> the sun, and the experts gathered in Prague burst into
      > applause when the guidelines were passed.
      >
      > Predictably, Pluto's demotion provoked plenty of
      > wistful nostalgia.
      >
      > "It's disappointing in a way, and confusing," said
      > Patricia Tombaugh, the 93-year-old widow of Pluto
      > discoverer Clyde Tombaugh.
      >
      > "I don't know just how you handle it. It kind of
      > sounds like I just lost my job," she said from Las
      > Cruces, N.M. "But I understand science is not
      > something that just sits there. It goes on. Clyde
      > finally said before he died, 'It's there. Whatever it
      > is. It is there.'"
      >
      > The decision by the IAU, the official arbiter of
      > heavenly objects, restricts membership in the elite
      > cosmic club to the eight classical planets: Mercury,
      > Venus, Earth, Mars, Jupiter, Saturn, Uranus and
      > Neptune.
      >
      > Pluto and objects like it will be known as "dwarf
      > planets," which raised some thorny questions about
      > semantics: If a raincoat is still a coat, and a cell
      > phone is still a phone, why isn't a dwarf planet still
      > a planet?
      >
      > NASA said Pluto's downgrade would not affect its $700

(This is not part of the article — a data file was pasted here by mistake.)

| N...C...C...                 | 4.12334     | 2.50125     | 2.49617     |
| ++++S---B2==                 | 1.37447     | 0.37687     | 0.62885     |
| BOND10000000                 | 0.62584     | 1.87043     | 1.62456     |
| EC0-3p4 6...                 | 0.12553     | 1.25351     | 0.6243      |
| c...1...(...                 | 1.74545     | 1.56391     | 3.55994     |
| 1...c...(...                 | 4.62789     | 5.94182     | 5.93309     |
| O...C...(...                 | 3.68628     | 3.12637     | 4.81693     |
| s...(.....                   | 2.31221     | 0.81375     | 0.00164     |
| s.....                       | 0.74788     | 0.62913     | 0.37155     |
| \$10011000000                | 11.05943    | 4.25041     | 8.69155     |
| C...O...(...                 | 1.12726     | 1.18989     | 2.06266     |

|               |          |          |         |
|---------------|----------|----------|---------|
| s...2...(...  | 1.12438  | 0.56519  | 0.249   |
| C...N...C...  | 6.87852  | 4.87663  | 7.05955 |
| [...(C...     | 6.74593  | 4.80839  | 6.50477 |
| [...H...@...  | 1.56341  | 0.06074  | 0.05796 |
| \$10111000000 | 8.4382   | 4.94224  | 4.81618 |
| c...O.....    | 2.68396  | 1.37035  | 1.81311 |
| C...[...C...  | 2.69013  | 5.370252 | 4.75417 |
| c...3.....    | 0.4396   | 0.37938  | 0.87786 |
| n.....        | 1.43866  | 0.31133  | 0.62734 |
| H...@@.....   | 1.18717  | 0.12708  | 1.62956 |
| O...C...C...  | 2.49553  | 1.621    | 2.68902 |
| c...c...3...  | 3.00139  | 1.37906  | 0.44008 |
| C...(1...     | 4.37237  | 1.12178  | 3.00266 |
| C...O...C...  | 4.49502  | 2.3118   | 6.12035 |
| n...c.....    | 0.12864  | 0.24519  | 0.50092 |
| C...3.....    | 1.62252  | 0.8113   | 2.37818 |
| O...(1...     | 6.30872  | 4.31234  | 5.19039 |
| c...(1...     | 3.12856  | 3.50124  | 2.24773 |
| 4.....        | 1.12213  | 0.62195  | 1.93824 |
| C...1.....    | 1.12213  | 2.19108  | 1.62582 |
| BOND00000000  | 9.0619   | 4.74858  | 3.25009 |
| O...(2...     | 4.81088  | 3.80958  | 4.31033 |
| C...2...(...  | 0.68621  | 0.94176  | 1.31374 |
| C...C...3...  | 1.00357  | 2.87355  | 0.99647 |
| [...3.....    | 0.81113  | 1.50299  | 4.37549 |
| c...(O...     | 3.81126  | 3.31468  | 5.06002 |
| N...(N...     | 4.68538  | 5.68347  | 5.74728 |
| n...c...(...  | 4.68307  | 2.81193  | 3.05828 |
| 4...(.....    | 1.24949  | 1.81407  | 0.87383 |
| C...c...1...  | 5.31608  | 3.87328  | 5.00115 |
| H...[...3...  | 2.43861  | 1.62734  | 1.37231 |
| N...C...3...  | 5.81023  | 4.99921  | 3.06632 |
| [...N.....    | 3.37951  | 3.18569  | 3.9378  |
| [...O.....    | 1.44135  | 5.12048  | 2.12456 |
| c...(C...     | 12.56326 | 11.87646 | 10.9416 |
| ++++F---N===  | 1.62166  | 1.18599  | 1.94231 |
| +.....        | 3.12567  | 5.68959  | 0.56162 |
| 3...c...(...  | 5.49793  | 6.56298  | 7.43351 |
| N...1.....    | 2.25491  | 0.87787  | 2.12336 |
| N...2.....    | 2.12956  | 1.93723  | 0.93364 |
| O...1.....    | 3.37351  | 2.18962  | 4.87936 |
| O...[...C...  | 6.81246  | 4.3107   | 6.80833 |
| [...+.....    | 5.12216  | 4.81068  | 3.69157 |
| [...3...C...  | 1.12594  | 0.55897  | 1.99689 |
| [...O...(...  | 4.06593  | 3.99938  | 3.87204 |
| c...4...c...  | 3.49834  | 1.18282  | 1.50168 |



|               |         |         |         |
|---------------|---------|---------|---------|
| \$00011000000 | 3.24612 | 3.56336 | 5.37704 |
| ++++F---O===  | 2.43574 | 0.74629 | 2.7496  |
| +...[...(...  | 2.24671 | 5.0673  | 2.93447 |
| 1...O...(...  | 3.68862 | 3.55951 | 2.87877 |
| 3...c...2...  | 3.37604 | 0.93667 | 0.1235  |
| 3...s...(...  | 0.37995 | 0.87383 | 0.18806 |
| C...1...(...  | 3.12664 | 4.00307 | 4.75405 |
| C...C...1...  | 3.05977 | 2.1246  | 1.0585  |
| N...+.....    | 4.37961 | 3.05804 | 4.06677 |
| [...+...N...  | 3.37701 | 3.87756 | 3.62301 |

> million New Horizons spacecraft mission, which this
      > year began a 9 1/2-year journey to the oddball object
      > to unearth more of its secrets.
      >
      > But mission head Alan Stern said he was "embarrassed"
      > by Pluto's undoing and predicted that Thursday's vote
      > would not end the debate. Although 2,500 astronomers
      > from 75 nations attended the conference, only about
      > 300 showed up to vote.
      >
      > "It's a sloppy definition. It's bad science," he said.
      > "It ain't over."
      >
      > Under the new rules, two of the three objects that
      > came tantalizingly close to planethood will join Pluto
      > as dwarfs: the asteroid Ceres, which was a planet in
      > the 1800s before it got demoted, and 2003 UB313, an
      > icy object slightly larger than Pluto whose
      > discoverer, Michael Brown of the California Institute
      > of Technology, has nicknamed "Xena." The third object,
      > Pluto's largest moon, Charon, isn't in line for any
      > special designation.
      >
      > Brown, whose Xena find rekindled calls for Pluto's
      > demise because it showed it isn't nearly as unique as
      > it once seemed, waxed philosophical.
      >
      > "Eight is enough," he said, jokingly adding: "I may go
      > down in history as the guy who killed Pluto."
      >
      > Demoting the icy orb named for the Roman god of the
      > underworld isn't personal — it's just business — said
      > Jack Horkheimer, director of the Miami Space Transit
      > Planetarium and host of the PBS show "Star Gazer."
      >
      > "It's like an amicable divorce," he said. "The legal
      > status has changed but the person really hasn't. It's
      > just single again."
      >
      > ___
      >
      > AP Science Writers Alicia Chang in Los Angeles and
      > Seth Borenstein in Washington, and correspondents Sue
      > Leeman in London and Mike Schneider in Cape Canaveral,
      > Fla., contributed to this story.
      >
      > ___
      >
      > On the Net:
      >
      > International Astronomical Union, http://www.iau.org
      >